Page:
Elementary and Secondary Teachers, by Control of School

The number of teachers in public elementary and secondary schools increased from 2.24 million in 1986 to 2.91 million in 1999, an increase of 30 percent (table 31 and figure 49). Under the middle alternative, the number of teachers is projected to increase to 3.21 million by the year 2011, a 10-percent increase over the projection period. Under the low alternative, the number of classroom teachers is projected to increase to 3.17 million by the year 2011. Under the high alternative, classroom teachers are projected to increase to 3.23 million by the year 2011. Projections of elementary and secondary teachers in public schools that have been produced over the past 12 years are less accurate than projections of public elementary and secondary enrollment that NCES has published over the same period. For more information, see table A2.

The number of elementary and secondary teachers in private schools was an estimated 397,000 in 1999. Under the middle alternative, this number is projected to increase to 443,000 by the year 2011, an increase of 12 percent from 1999. Under the low alternative, the number of private school teachers is projected to increase to 438,000 by the year 2011. Under the high alternative, private school teachers are projected to increase to 447,000 by the year 2011.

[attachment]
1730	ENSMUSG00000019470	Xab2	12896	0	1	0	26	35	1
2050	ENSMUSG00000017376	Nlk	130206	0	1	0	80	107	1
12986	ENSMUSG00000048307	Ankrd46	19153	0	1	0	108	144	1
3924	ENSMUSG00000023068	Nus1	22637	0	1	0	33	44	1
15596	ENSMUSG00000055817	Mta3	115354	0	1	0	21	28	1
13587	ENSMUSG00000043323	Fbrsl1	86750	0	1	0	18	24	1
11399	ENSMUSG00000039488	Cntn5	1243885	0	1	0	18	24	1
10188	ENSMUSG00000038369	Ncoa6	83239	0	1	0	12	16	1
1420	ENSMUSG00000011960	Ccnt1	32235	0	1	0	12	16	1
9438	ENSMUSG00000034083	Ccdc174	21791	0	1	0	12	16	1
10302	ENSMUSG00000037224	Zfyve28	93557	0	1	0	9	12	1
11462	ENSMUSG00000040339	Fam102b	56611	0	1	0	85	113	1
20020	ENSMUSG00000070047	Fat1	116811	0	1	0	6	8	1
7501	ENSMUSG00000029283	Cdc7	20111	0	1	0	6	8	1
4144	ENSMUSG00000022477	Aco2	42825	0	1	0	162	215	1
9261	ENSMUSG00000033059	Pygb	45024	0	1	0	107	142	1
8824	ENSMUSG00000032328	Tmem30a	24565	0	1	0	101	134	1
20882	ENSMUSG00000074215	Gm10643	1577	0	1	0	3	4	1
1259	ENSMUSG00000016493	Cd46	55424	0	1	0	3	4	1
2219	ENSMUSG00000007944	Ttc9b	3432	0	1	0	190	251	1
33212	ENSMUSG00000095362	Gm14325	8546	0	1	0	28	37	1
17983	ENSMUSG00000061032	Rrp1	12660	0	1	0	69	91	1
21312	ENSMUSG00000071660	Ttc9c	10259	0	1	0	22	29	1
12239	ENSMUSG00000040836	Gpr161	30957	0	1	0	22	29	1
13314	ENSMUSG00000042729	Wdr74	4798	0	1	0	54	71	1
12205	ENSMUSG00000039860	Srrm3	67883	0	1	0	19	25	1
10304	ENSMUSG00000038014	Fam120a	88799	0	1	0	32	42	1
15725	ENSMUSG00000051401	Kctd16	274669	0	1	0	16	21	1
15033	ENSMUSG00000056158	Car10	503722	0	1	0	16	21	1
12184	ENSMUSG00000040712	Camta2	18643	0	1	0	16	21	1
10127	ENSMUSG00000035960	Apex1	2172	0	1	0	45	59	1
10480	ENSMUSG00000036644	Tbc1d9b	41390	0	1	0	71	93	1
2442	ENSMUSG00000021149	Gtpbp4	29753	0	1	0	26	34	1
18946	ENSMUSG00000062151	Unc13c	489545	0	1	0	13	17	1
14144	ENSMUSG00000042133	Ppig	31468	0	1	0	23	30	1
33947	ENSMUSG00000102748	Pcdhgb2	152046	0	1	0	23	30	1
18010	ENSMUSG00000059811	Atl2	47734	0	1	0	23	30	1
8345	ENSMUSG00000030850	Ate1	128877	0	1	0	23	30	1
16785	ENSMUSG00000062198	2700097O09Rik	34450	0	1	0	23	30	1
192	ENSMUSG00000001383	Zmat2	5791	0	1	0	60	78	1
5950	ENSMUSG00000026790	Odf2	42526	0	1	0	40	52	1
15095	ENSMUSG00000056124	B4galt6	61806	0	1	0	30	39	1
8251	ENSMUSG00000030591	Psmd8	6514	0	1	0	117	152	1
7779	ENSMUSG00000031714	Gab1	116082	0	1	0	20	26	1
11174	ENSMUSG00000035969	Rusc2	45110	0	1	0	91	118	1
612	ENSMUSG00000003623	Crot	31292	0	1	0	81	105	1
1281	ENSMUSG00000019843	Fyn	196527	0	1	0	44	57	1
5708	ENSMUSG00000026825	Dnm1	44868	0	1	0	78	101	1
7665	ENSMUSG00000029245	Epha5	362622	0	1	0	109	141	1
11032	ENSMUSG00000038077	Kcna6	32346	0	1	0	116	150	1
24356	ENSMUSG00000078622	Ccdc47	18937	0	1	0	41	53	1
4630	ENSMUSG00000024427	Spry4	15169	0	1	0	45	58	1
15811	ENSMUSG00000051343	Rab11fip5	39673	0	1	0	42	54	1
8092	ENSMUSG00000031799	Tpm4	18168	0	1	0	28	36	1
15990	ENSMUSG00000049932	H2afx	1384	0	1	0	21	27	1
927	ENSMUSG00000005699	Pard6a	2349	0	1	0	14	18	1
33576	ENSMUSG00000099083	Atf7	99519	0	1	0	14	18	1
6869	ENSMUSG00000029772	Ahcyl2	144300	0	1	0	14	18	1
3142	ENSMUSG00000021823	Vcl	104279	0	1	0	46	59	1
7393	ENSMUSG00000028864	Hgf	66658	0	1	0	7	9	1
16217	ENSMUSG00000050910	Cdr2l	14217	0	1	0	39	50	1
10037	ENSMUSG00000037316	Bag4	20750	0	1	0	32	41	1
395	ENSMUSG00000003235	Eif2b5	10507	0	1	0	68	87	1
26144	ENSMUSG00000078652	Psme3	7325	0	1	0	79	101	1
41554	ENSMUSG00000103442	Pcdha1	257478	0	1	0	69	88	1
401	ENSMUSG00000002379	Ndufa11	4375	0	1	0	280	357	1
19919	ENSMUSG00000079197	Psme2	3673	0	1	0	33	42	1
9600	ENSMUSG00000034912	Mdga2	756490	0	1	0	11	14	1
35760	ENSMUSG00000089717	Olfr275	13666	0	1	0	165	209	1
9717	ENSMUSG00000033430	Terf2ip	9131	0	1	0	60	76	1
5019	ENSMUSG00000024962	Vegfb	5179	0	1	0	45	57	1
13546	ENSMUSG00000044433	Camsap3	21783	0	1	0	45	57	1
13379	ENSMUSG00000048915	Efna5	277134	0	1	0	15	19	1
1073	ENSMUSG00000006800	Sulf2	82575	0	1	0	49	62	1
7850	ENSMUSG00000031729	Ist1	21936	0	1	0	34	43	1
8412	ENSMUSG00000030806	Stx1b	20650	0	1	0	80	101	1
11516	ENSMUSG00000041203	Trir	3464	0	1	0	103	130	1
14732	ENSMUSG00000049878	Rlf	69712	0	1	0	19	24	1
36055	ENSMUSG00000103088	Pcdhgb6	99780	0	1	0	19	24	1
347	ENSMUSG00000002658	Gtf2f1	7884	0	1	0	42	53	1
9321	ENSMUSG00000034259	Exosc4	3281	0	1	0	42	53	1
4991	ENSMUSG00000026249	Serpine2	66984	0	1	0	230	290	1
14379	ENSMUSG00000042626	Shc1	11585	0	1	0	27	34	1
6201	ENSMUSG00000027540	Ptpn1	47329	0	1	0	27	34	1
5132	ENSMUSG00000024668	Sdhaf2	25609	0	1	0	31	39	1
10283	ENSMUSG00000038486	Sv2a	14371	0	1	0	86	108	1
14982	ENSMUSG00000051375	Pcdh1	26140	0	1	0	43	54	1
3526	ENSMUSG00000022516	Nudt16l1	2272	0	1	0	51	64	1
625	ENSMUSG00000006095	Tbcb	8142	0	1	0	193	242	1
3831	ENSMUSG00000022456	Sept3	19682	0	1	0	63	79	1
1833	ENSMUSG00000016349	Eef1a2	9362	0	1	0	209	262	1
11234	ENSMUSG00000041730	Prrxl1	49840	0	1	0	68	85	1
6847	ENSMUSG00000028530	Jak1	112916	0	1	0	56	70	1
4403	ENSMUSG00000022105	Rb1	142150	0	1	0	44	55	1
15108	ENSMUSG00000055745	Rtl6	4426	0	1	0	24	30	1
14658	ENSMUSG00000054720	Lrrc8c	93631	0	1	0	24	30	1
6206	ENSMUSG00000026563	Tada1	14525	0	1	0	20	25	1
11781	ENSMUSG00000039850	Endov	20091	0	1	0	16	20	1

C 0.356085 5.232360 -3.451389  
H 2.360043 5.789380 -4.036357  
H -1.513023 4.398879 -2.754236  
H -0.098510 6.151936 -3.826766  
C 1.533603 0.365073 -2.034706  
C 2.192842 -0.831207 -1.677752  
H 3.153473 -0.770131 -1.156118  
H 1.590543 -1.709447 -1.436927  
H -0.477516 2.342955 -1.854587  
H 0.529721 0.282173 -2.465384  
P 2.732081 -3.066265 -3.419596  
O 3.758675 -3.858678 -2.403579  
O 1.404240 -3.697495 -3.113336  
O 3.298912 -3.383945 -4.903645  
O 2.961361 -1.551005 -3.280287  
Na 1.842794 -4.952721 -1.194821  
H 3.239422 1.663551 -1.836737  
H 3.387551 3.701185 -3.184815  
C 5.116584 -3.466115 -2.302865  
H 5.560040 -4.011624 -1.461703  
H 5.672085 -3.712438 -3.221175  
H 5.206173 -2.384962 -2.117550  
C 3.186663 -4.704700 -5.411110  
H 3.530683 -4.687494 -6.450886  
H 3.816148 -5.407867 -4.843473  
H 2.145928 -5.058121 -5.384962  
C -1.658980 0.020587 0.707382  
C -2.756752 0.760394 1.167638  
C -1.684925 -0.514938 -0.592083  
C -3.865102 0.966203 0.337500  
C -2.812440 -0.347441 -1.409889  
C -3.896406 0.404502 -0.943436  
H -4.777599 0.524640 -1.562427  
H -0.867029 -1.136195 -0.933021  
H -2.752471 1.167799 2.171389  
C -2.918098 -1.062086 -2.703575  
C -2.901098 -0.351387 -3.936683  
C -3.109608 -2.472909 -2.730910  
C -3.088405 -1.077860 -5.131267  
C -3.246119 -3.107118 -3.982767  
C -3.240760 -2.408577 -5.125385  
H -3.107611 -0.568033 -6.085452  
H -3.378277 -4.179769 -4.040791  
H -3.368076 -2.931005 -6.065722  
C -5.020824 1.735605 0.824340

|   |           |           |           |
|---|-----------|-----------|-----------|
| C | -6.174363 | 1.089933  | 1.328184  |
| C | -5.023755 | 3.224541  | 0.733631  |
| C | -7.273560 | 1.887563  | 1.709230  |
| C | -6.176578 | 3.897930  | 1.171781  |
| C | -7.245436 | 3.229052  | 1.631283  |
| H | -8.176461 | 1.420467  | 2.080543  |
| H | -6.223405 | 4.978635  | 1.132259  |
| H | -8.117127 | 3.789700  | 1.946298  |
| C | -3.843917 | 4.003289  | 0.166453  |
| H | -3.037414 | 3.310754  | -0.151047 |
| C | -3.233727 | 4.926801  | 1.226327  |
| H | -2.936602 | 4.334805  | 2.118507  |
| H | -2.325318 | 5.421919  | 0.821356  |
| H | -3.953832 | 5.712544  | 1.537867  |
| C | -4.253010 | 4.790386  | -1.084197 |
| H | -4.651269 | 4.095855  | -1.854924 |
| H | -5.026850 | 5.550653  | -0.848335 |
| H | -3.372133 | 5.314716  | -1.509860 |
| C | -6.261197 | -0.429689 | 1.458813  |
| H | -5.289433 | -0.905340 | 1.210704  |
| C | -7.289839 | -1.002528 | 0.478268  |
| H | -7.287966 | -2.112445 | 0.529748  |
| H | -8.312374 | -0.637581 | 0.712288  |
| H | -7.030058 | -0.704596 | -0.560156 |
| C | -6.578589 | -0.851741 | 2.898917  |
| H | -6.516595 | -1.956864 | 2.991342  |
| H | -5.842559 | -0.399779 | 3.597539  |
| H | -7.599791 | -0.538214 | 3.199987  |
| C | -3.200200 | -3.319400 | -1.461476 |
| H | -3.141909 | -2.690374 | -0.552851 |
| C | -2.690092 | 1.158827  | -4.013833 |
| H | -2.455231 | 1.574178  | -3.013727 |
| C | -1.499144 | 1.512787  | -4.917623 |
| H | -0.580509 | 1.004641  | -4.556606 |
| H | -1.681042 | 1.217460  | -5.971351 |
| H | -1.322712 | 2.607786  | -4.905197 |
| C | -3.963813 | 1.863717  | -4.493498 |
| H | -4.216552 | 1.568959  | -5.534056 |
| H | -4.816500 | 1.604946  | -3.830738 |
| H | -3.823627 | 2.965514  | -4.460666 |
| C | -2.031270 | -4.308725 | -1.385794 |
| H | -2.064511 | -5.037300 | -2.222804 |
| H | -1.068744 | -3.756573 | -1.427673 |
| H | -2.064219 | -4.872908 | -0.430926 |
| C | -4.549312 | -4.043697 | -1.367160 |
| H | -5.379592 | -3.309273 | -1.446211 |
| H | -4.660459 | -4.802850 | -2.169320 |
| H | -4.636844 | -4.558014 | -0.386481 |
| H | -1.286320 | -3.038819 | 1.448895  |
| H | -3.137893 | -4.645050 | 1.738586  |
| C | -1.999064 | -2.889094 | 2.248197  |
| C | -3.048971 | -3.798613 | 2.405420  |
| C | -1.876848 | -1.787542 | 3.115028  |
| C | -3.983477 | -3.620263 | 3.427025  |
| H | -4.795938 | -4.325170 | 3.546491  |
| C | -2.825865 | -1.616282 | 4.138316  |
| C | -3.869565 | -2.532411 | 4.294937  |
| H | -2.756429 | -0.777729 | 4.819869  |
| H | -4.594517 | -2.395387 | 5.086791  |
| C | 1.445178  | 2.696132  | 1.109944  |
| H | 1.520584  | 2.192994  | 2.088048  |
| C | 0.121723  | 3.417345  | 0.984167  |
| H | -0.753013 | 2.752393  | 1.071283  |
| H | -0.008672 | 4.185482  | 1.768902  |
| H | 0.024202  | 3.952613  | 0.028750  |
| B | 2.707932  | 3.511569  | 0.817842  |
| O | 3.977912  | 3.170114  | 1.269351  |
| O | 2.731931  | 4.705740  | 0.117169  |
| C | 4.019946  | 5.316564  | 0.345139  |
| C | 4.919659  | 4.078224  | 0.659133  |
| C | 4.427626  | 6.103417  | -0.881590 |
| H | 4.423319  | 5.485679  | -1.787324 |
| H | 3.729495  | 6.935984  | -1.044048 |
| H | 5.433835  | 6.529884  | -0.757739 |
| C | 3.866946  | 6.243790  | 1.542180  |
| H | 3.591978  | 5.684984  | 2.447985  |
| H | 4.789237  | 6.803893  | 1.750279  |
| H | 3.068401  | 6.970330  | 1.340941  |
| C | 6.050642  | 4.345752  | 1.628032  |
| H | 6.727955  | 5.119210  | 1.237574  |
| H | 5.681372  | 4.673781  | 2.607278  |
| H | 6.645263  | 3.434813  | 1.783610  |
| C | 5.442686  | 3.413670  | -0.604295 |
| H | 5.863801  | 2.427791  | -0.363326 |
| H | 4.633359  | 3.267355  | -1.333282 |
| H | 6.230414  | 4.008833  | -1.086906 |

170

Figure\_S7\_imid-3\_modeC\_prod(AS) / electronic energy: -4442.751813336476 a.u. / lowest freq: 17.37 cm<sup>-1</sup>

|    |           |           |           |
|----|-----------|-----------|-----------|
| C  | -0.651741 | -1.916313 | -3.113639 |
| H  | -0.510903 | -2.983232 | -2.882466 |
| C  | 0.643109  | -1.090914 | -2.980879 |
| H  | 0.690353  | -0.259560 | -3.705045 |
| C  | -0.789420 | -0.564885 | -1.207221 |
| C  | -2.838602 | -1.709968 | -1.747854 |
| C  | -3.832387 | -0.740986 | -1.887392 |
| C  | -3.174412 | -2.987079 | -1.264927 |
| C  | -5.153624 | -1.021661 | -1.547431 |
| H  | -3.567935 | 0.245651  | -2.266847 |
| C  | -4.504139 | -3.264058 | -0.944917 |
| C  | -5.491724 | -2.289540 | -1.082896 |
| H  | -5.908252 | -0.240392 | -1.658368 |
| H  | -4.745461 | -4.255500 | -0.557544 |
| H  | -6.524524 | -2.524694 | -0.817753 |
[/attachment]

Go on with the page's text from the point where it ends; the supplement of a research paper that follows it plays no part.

Pupil/Teacher Ratios

A broad relationship between the number of pupils and teachers can be described by the pupil/teacher ratio. The pupil/teacher ratios presented in table 32 were computed based on elementary and secondary enrollment and the number of classroom teachers by control of institution.

The pupil/teacher ratio in elementary and secondary schools decreased from 17.4 in 1986 to 16.7 in 1989. It increased to 17.1 in 1992 followed by a decline to 16.0 in 1999 (table 32 and figure 51). Under the middle alternative, this ratio is projected to decline to 14.5 by the year 2011. Based on the low and high alternatives, the pupil/teacher ratio in elementary and secondary schools is expected to range between 14.4 and 14.7 in the year 2011.

Although private elementary and secondary teachers represented 12 percent of total elementary and secondary teachers in 1999, private school enrollment was 11 percent of total enrollment. This indicates that private schools have more teachers for a given number of students on average than do public schools; that is, private school pupil/teacher ratios are smaller than public school pupil/teacher ratios.

The pupil/teacher ratio in public elementary and secondary schools decreased from 17.7 in 1986 to 17.2 in 1990. It increased to 17.4 in 1993 and decreased to 16.1 in 1999 (figure 52). Under the middle alternative, the pupil/teacher ratio is projected to decrease to 14.7 in 2011. Based on the low and high alternatives, the pupil/teacher ratio in public elementary and secondary schools is projected to range between 14.6 and 14.9 in the year 2011.

For private elementary and secondary schools, the pupil/teacher ratio decreased from 15.7 in 1986 to 13.8 in 1989. Then it increased to 15.2 in 1999. Under the middle alternative, the pupil/teacher ratio is projected to decrease to 13.2 in 2011. Based on the low and high alternatives, the pupil/teacher ratio in private elementary and secondary schools is expected to range between 13.1 and 13.4 in the year 2011.

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National Center for Education Statistics - http://nces.ed.gov
U.S. Department of Education